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Should You Be Feeling Guilty For Working Less as a Teacher

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Should teachers be feeling guilty for working less as a teacher? Here is my hot take on whether or not working less makes you a bad teacher. PLUS I share my personal story of going from a first year teacher who was always working late to a teacher who hardly ever brought work home.

Have you ever found yourself questioning whether you should feel guilty for leaving work on time and working less as a teacher? In a society that praises the hustle culture and glorifies those who work tirelessly, it’s easy to fall into the trap of believing that working harder equates to success. But is that really the norm? Let’s delve deeper into this topic and challenge the misconception that feeling guilty for working less as a teacher is justified.

My Story:

As a first-year teacher, I struggled to find my footing in the demanding world of education. Every day felt like a battle to keep up with lesson planning, grading, and endless administrative tasks. It wasn’t until winter break that I had my “I’m done” moment. Graduating from feeling overwhelmed to feeling empowered, I dedicated my summer to learning how things could be different.

Second Year Revelation:

Midway through my second year of teaching, in the midst of delivering a math lesson, it dawned on me—I hadn’t stayed late or brought work home in weeks. It was a revelation. I realized that I had inadvertently found a way to manage my workload efficiently without sacrificing effectiveness. This newfound balance allowed me to pursue other passions, such as starting a business through podcasting, email, and social media, all while working fewer hours.

The Guilt Factor:

Despite the positive changes in my work-life balance, I couldn’t shake the feeling of guilt. It felt almost like cheating—I was supposed to struggle, to toil away late into the night like my colleagues. I began to question whether it was fair that I had found a way to make teaching easier when others were still grappling with the demands of the profession.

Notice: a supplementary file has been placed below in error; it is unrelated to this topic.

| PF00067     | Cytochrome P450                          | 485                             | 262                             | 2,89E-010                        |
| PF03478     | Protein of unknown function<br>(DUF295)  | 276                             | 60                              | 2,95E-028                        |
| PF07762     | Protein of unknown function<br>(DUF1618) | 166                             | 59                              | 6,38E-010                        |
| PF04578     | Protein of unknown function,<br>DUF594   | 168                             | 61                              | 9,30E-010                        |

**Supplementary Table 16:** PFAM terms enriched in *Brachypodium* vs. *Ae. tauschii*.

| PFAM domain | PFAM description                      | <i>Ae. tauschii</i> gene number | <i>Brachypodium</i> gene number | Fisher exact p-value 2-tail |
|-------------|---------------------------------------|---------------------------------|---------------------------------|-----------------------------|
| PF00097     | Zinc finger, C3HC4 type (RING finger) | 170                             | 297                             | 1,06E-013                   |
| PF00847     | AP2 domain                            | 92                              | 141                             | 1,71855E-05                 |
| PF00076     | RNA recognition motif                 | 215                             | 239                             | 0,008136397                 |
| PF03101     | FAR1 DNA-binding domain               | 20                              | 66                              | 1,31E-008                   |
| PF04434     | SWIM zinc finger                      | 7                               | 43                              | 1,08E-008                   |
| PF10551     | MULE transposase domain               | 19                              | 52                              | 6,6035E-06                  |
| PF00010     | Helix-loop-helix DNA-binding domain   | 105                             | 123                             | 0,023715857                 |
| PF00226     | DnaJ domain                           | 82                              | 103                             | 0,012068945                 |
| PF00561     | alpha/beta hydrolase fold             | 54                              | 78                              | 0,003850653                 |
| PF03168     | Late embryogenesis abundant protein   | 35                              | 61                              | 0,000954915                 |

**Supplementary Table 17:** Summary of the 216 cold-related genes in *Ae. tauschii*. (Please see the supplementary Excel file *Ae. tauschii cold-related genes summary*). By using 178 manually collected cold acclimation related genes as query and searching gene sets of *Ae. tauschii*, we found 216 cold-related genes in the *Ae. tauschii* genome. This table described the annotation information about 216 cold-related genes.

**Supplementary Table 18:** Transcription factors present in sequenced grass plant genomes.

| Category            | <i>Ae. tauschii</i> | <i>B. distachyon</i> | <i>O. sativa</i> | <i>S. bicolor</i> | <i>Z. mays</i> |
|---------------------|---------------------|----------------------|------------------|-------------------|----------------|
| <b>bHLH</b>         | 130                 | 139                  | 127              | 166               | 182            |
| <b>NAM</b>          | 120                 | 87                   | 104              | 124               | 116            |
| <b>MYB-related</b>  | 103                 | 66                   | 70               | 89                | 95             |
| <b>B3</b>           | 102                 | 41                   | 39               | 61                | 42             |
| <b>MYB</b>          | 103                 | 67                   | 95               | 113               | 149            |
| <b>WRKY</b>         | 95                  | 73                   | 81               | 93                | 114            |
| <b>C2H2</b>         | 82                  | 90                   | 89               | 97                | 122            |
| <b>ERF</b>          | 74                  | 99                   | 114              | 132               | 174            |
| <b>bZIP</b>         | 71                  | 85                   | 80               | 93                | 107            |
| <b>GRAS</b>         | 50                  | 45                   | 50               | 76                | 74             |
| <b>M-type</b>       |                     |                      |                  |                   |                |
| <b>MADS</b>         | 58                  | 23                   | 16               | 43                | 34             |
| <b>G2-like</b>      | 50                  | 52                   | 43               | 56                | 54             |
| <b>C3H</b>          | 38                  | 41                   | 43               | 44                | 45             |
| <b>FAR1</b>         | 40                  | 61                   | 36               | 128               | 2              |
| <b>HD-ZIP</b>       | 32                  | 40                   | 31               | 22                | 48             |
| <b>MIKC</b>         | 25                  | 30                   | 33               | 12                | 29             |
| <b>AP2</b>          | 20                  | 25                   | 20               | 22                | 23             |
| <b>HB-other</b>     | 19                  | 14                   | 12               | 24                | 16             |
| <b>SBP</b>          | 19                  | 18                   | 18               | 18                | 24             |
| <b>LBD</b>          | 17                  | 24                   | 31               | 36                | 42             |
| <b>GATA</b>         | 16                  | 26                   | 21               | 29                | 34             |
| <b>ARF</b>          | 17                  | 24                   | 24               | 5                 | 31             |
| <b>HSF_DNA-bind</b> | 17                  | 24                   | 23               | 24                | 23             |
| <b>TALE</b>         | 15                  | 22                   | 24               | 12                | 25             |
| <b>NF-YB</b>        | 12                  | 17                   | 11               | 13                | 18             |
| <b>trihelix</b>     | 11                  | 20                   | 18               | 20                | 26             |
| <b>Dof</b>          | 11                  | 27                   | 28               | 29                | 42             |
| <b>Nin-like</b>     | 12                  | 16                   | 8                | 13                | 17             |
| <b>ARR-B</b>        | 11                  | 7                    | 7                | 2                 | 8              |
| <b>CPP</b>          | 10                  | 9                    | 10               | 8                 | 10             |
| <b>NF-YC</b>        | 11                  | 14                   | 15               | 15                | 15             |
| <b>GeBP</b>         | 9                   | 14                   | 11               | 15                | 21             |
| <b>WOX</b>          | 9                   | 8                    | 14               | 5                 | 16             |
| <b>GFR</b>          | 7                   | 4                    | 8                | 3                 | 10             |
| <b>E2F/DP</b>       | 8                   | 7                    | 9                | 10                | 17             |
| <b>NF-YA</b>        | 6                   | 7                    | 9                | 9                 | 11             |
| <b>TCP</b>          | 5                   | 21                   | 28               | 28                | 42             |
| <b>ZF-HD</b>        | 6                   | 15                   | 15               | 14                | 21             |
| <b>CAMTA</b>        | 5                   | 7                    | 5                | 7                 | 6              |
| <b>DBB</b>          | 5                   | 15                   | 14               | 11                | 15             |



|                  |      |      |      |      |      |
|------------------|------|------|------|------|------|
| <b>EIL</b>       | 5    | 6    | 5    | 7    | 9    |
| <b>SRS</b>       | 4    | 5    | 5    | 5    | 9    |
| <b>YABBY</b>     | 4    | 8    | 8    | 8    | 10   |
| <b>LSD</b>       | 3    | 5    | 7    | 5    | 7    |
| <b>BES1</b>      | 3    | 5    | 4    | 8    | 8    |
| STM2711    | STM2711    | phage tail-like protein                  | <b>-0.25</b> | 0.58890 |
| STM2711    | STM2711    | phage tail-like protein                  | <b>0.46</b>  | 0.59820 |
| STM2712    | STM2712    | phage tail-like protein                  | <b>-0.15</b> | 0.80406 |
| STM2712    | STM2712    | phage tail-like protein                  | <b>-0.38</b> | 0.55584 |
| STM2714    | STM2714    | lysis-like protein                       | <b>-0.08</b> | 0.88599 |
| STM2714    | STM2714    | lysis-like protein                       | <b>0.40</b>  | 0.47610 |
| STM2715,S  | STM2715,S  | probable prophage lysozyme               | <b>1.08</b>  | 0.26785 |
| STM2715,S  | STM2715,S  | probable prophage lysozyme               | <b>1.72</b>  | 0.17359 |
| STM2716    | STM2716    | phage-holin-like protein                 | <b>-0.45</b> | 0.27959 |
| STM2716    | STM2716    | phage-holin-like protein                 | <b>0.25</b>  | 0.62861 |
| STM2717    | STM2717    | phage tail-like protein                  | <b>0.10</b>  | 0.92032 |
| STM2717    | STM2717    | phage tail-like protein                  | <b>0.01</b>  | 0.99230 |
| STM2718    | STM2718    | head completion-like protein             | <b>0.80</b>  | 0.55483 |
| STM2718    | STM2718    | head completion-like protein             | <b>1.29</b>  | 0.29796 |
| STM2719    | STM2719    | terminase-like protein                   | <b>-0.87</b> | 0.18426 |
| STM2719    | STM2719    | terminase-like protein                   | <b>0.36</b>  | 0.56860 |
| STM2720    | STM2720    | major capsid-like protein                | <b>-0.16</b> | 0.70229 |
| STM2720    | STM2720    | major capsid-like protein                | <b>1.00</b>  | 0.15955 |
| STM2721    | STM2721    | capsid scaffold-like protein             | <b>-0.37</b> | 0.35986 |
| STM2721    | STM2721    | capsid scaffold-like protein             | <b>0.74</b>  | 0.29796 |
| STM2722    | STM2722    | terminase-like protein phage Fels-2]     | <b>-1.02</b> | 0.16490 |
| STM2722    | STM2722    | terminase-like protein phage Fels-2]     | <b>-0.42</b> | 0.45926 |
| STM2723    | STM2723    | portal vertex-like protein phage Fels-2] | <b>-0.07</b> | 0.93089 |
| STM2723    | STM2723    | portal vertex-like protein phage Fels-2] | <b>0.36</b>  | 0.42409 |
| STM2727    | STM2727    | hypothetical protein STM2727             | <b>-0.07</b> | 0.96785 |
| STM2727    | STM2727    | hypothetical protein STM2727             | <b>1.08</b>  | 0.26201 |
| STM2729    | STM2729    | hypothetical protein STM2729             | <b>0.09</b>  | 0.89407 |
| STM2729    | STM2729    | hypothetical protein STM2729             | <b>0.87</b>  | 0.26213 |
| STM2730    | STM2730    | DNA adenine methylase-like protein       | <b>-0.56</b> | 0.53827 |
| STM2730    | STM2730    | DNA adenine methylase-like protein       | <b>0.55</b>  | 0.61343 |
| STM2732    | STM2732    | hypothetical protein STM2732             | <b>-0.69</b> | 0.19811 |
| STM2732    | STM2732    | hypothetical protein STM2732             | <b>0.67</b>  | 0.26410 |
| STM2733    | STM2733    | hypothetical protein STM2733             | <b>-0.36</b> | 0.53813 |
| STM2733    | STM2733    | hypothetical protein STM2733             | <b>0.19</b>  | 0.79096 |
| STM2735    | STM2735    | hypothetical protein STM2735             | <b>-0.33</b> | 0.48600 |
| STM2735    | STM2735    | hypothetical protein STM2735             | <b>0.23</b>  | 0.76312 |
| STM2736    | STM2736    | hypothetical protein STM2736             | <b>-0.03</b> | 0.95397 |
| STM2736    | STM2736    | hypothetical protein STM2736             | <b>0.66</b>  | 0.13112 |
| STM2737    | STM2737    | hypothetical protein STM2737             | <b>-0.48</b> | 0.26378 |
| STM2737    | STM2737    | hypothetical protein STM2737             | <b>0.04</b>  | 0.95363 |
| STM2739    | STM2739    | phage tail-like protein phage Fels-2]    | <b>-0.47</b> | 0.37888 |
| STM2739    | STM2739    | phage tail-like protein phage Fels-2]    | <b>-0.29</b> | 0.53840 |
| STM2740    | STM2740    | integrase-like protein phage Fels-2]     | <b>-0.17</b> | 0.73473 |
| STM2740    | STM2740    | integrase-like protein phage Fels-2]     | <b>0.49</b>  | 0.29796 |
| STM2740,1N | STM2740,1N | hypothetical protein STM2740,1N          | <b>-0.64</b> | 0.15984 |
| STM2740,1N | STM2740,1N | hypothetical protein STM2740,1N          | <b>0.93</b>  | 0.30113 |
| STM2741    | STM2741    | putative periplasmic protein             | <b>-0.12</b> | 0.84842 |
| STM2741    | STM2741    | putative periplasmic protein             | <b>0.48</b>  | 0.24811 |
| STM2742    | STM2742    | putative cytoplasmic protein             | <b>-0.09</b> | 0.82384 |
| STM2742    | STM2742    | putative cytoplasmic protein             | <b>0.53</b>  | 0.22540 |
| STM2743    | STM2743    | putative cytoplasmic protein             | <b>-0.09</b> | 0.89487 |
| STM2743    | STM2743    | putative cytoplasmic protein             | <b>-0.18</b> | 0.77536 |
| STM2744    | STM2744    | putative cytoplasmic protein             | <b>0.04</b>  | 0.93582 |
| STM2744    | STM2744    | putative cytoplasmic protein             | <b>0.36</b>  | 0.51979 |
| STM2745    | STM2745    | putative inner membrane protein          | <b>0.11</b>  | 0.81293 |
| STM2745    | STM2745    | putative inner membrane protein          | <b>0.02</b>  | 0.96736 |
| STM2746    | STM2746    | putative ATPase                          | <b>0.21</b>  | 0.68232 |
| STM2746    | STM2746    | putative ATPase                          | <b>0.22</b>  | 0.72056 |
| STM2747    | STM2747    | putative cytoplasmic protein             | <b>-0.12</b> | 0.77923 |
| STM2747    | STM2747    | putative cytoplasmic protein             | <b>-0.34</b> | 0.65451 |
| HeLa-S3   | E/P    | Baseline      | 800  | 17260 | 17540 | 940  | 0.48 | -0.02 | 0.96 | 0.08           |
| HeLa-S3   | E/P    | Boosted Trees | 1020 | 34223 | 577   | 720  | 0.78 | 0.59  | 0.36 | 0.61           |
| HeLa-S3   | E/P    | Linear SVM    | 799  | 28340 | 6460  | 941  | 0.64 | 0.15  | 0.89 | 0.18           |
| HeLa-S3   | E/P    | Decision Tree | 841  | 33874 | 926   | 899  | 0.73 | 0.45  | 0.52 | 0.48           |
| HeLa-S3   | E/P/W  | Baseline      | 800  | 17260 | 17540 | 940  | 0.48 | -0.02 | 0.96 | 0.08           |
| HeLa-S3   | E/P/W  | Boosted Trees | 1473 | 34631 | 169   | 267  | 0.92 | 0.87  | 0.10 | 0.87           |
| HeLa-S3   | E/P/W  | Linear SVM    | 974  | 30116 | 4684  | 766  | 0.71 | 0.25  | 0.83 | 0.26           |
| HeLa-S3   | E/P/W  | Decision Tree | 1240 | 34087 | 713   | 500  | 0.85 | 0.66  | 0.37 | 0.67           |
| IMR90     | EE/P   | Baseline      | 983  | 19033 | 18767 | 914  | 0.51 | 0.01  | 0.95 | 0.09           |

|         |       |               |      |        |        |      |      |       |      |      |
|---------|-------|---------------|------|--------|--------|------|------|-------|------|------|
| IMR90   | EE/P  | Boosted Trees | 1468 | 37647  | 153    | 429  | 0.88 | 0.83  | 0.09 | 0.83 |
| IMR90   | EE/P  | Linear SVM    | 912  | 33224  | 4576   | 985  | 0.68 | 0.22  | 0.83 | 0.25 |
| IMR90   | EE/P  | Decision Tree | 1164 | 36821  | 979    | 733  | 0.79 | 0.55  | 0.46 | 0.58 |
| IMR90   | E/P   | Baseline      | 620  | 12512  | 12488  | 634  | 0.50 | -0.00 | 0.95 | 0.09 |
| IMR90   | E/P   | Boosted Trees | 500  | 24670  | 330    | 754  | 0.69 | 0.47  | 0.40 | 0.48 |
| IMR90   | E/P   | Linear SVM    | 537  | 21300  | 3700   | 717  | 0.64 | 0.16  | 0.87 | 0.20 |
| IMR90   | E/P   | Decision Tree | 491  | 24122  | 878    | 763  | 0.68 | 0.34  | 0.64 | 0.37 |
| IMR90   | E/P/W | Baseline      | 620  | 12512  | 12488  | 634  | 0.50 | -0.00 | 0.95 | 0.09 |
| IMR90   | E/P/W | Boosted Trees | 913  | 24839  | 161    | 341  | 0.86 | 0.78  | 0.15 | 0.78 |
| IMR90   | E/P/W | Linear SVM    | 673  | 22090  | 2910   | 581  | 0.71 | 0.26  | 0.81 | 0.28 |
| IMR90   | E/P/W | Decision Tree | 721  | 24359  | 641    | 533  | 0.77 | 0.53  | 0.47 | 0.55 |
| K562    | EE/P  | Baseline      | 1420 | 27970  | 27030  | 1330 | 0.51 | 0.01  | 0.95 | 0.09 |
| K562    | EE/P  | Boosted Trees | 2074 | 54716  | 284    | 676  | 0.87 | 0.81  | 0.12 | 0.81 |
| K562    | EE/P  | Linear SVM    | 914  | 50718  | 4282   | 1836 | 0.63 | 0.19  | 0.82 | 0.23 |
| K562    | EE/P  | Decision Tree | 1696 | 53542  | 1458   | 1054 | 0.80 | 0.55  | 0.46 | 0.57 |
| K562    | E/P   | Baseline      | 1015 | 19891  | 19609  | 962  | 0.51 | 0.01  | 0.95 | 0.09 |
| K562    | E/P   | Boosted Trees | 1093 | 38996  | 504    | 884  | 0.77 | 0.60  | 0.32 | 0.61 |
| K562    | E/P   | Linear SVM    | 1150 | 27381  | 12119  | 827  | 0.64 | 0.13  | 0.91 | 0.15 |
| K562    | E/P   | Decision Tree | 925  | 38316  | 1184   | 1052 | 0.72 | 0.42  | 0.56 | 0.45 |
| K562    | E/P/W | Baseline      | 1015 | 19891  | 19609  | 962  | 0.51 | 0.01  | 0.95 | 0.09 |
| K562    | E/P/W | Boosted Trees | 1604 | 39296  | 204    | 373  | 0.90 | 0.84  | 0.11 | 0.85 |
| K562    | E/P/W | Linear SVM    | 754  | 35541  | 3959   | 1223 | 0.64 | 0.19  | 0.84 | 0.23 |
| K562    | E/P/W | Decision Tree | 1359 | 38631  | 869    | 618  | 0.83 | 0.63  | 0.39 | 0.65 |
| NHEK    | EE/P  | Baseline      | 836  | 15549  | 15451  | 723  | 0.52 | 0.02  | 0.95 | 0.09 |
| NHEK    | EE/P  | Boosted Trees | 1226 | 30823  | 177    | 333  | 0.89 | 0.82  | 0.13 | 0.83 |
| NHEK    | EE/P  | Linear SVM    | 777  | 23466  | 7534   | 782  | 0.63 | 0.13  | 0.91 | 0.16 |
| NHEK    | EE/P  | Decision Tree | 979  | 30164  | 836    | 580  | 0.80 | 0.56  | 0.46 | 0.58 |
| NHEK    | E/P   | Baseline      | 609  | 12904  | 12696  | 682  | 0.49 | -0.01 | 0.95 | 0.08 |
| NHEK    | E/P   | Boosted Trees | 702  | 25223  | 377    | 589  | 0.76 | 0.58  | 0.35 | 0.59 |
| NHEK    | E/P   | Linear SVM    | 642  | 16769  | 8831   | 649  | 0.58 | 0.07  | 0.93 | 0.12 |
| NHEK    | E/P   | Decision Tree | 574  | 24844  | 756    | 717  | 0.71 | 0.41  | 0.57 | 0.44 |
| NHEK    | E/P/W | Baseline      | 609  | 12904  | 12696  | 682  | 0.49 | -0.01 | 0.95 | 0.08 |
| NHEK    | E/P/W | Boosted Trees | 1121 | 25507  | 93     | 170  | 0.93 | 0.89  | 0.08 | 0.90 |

Three Types of Teachers:

Reflecting on my experiences, I realized that there are three types of teachers: the super organized, the organized chaos, and those who believe there must be a more efficient way. I fell into the latter category and wondered if I should be making things harder for myself to fit the mold of what teaching “should” look like.

Transitioning Mindset:

Instead of succumbing to guilt, I shifted my mindset. I began asking myself, “How can I see this differently?” I reframed the narrative, recognizing that not staying late was actually a positive thing—it meant more time to dedicate to meaningful pursuits, both inside and outside of work.

Overcoming Self-Doubt:

Despite my newfound efficiency, self-doubt crept in. Thoughts of not being smart enough or not having worked hard enough plagued me. But I challenged these beliefs by focusing on evidence to the contrary and reminding myself of the impact I was having on my students and fellow teachers.

Asked By Others:

As I continued to navigate this journey, I noticed colleagues and friends inquiring about my approach. They were curious about how I managed to achieve a better work-life balance. In response, I began creating resources and sharing my strategies online, hoping to empower other educators to reclaim their time and sanity.

How to Do It:

So, how can you, as a new teacher, start saving time and working more efficiently? Begin by conducting a time audit to identify areas of improvement. Then, focus on optimizing key systems such as classroom management, communication, grading and data analysis, planning and prepping, and organization. For more detailed guidance, download the Ultimate Prep Guide.

Wrap Up:

In conclusion, it’s time to debunk the myth that feeling guilty for working less as a teacher is justified. Embracing efficiency doesn’t mean you’re slacking off—it means you’re reclaiming your time and using it to make a positive impact. So, remind yourself of all the good things you can do with your newfound time back, and let go of the guilt. You deserve it.

Remember:

Not sure what to ask at the end of your teacher interview?

Here we break down 10 questions to ask the hiring committee at the end of your teacher interview. PLUS possible red and green flag answers to keep an eye out for.

These teacher interview questions will help you confidently prepare for your upcoming teacher interview, discover the perfect district for you to work for, and know with confidence how to stand out during your next interview from other candidates.

See you in the next one, teacher bestie!

Love,

Helena

AKA

Not sure what to ask at the end of your teacher interview?

Here we break down 10 questions to ask the hiring committee at the end of your teacher interview. PLUS possible red and green flag answers to keep an eye out for.

These teacher interview questions will help you confidently prepare for your upcoming teacher interview, discover the perfect district for you to work for, and know with confidence how to stand out during your next interview from other candidates.